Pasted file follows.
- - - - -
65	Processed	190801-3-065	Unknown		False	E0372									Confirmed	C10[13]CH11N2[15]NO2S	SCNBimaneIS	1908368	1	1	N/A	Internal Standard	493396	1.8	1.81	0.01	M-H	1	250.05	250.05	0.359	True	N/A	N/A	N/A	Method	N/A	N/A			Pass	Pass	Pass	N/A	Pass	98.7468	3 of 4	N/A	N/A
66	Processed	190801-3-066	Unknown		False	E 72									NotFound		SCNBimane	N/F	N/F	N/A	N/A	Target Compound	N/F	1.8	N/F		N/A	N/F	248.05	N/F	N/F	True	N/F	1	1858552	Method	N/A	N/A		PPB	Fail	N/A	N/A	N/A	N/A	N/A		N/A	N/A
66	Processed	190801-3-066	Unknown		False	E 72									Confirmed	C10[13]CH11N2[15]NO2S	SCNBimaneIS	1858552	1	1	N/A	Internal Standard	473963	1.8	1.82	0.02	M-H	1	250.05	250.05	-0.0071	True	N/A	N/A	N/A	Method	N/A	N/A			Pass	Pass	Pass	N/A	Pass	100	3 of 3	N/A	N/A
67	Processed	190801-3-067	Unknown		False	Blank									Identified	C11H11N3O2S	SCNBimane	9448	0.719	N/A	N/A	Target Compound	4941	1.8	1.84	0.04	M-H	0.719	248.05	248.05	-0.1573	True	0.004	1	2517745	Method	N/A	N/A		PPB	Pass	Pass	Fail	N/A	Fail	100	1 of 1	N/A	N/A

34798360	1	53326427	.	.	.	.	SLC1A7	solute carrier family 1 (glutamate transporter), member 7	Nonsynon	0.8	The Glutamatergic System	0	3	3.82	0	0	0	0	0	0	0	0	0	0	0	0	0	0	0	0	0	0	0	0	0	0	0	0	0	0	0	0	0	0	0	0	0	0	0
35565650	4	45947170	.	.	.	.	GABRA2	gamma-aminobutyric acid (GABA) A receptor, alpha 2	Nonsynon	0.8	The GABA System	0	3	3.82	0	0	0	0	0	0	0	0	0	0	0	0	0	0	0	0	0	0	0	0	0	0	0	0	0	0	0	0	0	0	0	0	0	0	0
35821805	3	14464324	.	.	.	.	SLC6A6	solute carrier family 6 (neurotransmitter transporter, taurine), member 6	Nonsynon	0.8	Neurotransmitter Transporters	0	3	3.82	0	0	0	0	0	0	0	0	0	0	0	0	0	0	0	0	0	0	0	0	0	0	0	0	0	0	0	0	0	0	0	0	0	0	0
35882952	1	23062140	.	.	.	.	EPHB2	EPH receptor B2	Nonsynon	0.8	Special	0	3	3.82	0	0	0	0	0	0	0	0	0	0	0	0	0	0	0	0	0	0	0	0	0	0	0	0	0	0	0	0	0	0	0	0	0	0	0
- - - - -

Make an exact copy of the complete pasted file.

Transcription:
65	Processed	190801-3-065	Unknown		False	E0372									Confirmed	C10[13]CH11N2[15]NO2S	SCNBimaneIS	1908368	1	1	N/A	Internal Standard	493396	1.8	1.81	0.01	M-H	1	250.05	250.05	0.359	True	N/A	N/A	N/A	Method	N/A	N/A			Pass	Pass	Pass	N/A	Pass	98.7468	3 of 4	N/A	N/A
66	Processed	190801-3-066	Unknown		False	E 72									NotFound		SCNBimane	N/F	N/F	N/A	N/A	Target Compound	N/F	1.8	N/F		N/A	N/F	248.05	N/F	N/F	True	N/F	1	1858552	Method	N/A	N/A		PPB	Fail	N/A	N/A	N/A	N/A	N/A		N/A	N/A
66	Processed	190801-3-066	Unknown		False	E 72									Confirmed	C10[13]CH11N2[15]NO2S	SCNBimaneIS	1858552	1	1	N/A	Internal Standard	473963	1.8	1.82	0.02	M-H	1	250.05	250.05	-0.0071	True	N/A	N/A	N/A	Method	N/A	N/A			Pass	Pass	Pass	N/A	Pass	100	3 of 3	N/A	N/A
67	Processed	190801-3-067	Unknown		False	Blank									Identified	C11H11N3O2S	SCNBimane	9448	0.719	N/A	N/A	Target Compound	4941	1.8	1.84	0.04	M-H	0.719	248.05	248.05	-0.1573	True	0.004	1	2517745	Method	N/A	N/A		PPB	Pass	Pass	Fail	N/A	Fail	100	1 of 1	N/A	N/A

34798360	1	53326427	.	.	.	.	SLC1A7	solute carrier family 1 (glutamate transporter), member 7	Nonsynon	0.8	The Glutamatergic System	0	3	3.82	0	0	0	0	0	0	0	0	0	0	0	0	0	0	0	0	0	0	0	0	0	0	0	0	0	0	0	0	0	0	0	0	0	0	0
35565650	4	45947170	.	.	.	.	GABRA2	gamma-aminobutyric acid (GABA) A receptor, alpha 2	Nonsynon	0.8	The GABA System	0	3	3.82	0	0	0	0	0	0	0	0	0	0	0	0	0	0	0	0	0	0	0	0	0	0	0	0	0	0	0	0	0	0	0	0	0	0	0
35821805	3	14464324	.	.	.	.	SLC6A6	solute carrier family 6 (neurotransmitter transporter, taurine), member 6	Nonsynon	0.8	Neurotransmitter Transporters	0	3	3.82	0	0	0	0	0	0	0	0	0	0	0	0	0	0	0	0	0	0	0	0	0	0	0	0	0	0	0	0	0	0	0	0	0	0	0
35882952	1	23062140	.	.	.	.	EPHB2	EPH receptor B2	Nonsynon	0.8	Special	0	3	3.82	0	0	0	0	0	0	0	0	0	0	0	0	0	0	0	0	0	0	0	0	0	0	0	0	0	0	0	0	0	0	0	0	0	0	0